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Giving worms a taste of their own medicine

The humble nematode worm could prove invaluable in screening new compounds for active drugs, new research published today suggests.

Soil-dwelling nematodes have a programmed avoidance response to harmful chemicals, which they detect through nerves exposed to their environment. Scientists led by the Wellcome Trust Sanger Institute have genetically modified the worm C. elegans to make human proteins called receptors in these nerves: the modified worms detect and avoid human signalling molecules and drug candidates.

The exciting results, reported today, 20 July 2006, in the open-access journal BMC Biology, promise a simple assay that can be used to screen thousands of compounds for activity against human proteins – a foundation of drug development.

“The worm is a great tool to understand biology,” said Dr Michelle Teng of the Wellcome Trust Sanger Institute, a lead author on the report. “Because we understand it so well it has a simple well studied nervous system the role for each nerve has been mapped in detail. We also have a good understanding of the signalling mechanisms in nerves that drive the responses.”

“We showed that the biochemical response of the receptors emulated that seen in humans. It is just that, in the worm, the effects of that response are to make them crawl away from the chemical stimulus. This simple response could be used to test many unknown drug candidates.”

Medicines often interact with receptors, which are ‘sensors’ at the surface of cells. The team introduced the somatostatin receptor (Sstr2) and the chemokine receptor 5 (CCR5) in the nerves that respond to environmental cues. Somatostatin is a hormone that mediates a wide range of activities in humans and chemokines play an important role in the immune system. The CCR5 receptor used is also the gateway that HIV/AIDS virus uses to enter cells. Both receptors belong to a receptor family called GPCRs, which represent up to 50% of current drug targets.

The response was specific. In tests, worms responded by avoiding somatostatin or chemokine placed in their paths only when the appropriate receptor was made in the appropriate nerves.

“We have shown that we can hijack the cellular machinery of the worm so that the human receptor proteins drive the avoidance response,” explained Dr John McCafferty, Principal Investigator at the Wellcome Trust Sanger Institute and senior author. “We chose two receptors with widely differing functions in humans. The responses were specific to the compounds we added and could be inhibited in the same way a response in humans could be inhibited.”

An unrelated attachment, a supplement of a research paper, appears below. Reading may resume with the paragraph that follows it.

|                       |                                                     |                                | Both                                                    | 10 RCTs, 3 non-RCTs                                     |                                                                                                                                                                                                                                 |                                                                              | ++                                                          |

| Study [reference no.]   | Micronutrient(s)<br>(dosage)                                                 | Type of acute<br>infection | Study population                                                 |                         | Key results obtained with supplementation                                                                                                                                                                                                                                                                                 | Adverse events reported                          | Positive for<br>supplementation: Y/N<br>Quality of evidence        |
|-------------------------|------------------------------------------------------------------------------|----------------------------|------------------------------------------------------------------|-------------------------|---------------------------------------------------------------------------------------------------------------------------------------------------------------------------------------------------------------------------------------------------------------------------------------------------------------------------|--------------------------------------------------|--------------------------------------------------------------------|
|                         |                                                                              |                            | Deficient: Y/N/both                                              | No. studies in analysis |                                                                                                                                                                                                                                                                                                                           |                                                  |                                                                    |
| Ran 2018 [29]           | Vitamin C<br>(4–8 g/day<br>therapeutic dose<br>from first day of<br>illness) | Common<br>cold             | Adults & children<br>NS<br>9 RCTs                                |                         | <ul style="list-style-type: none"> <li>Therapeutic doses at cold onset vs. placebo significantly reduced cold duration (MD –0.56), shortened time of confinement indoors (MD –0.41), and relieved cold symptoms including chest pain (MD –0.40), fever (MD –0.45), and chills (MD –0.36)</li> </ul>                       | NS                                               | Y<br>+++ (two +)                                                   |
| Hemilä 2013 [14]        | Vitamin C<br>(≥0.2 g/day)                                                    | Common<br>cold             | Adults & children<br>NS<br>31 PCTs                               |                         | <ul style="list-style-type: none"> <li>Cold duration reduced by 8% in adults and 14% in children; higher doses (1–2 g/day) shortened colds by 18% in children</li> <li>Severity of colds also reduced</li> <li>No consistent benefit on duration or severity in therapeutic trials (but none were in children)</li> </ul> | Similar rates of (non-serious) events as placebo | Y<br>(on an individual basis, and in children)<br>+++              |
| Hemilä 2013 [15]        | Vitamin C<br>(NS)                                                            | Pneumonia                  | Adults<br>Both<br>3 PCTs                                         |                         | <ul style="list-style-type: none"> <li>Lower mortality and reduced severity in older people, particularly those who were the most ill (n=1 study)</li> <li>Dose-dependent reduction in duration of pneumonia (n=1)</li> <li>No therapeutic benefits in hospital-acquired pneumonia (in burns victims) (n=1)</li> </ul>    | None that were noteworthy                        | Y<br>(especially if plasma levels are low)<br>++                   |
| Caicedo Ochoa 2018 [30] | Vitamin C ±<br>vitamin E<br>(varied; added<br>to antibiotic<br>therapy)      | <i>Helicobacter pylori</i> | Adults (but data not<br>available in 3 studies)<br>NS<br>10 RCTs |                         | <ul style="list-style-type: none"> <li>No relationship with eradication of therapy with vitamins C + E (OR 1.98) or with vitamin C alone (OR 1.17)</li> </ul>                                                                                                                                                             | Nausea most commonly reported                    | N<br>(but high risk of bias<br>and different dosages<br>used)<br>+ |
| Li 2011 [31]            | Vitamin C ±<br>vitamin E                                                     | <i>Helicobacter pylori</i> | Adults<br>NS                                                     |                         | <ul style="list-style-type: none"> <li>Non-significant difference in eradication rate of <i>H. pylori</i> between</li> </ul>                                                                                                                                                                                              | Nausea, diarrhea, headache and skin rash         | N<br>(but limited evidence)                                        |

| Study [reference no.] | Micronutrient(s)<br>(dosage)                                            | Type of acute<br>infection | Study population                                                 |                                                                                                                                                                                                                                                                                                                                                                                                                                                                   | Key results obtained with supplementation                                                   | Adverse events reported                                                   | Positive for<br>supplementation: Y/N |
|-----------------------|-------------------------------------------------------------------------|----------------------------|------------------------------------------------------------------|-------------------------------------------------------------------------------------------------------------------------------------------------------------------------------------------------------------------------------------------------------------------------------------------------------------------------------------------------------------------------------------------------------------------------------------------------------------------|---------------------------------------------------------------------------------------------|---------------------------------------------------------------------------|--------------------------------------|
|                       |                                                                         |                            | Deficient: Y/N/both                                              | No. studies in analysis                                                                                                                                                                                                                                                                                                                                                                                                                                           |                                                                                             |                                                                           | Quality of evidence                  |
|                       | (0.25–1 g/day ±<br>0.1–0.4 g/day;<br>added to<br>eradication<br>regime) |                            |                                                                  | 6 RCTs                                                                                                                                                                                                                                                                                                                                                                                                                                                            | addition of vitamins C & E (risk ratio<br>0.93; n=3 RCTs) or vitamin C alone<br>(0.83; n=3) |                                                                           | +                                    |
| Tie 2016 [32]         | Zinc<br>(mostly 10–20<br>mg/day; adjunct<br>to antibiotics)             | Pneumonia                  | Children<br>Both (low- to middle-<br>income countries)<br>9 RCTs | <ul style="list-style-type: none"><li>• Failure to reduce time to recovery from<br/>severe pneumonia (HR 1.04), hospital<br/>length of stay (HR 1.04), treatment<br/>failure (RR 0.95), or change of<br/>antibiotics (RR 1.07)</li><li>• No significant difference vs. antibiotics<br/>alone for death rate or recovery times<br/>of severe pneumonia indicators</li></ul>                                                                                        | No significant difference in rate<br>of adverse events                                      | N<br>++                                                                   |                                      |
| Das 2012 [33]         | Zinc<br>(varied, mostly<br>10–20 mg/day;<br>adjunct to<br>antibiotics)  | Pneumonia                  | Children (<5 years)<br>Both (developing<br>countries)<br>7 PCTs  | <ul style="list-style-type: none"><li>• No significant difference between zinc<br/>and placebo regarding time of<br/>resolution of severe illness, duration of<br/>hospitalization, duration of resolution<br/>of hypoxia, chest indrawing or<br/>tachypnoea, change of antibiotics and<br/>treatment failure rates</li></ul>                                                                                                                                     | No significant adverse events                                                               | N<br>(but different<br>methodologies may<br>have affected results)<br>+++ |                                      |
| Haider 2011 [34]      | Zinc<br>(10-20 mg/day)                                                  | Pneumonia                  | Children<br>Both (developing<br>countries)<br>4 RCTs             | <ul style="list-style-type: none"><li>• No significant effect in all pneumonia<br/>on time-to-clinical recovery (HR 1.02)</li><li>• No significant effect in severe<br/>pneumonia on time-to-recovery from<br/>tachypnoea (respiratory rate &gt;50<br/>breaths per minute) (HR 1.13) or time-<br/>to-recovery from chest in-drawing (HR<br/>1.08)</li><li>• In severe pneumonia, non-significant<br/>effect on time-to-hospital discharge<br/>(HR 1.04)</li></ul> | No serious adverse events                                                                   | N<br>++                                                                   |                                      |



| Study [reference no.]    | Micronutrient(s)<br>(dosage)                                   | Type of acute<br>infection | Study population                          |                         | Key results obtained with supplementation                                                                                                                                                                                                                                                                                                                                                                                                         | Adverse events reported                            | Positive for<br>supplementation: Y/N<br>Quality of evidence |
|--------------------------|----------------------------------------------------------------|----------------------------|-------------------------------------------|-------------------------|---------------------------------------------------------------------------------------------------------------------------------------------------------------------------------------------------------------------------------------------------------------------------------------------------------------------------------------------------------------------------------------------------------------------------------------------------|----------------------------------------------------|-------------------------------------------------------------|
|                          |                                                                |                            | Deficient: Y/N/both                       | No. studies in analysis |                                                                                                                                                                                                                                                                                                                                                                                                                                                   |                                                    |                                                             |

The worms could also be desensitized by pre-exposure to somatostatin or chemokine: desensitization is an important part of normal human response, because it ensures that our receptors can recover for a fresh round of stimulus. This is the first time that activation has been programmed in these nerves and the team have shown that the human receptors integrate into the worm signalling machinery.

“Systems exist already to study the response of cells in test-tubes to added compounds,” continued Dr McCafferty. “However, because these are soil-dwelling worms which feed on bacteria, we could test crude samples for drug candidates.”

Together, these results make us very optimistic that these models will be widely applicable and that development of a high-throughput system is feasible.

The team used a rapid sorting system to isolate the genetically modified worms. Although for this study, worm responses were scored under the microscope, automation could be integrated to achieve a higher rate of testing.

The worm model can also help to define which regions of a novel compound are important for its biological effect, which can be crucial for producing effective drugs. The team were able to use the worm assay to identify four important building blocks within somatostatin which are known to be necessary for its effect.

“These results show the power of simple organisms such as the worm to help us not only in our understanding of biology but also in the search for new ways to improve healthcare,” said Professor Ronald Plasterk, Professor of Developmental Genetics at the University of Utrecht and Director of the Hubrecht Laboratory, in the Netherlands. “It is a nice irony of history that the worm was chosen for biomedical research by Sydney Brenner forty years ago in Cambridge, only a few miles from the Sanger Institute. Then twenty years ago John Sulston started to make a gene map of the animal, and eventually read its sequence as the first of all animal genomes.”

“And now a new generation of researchers again in the Cambridge area uses it to test candidate drugs that are immediately relevant to human health.”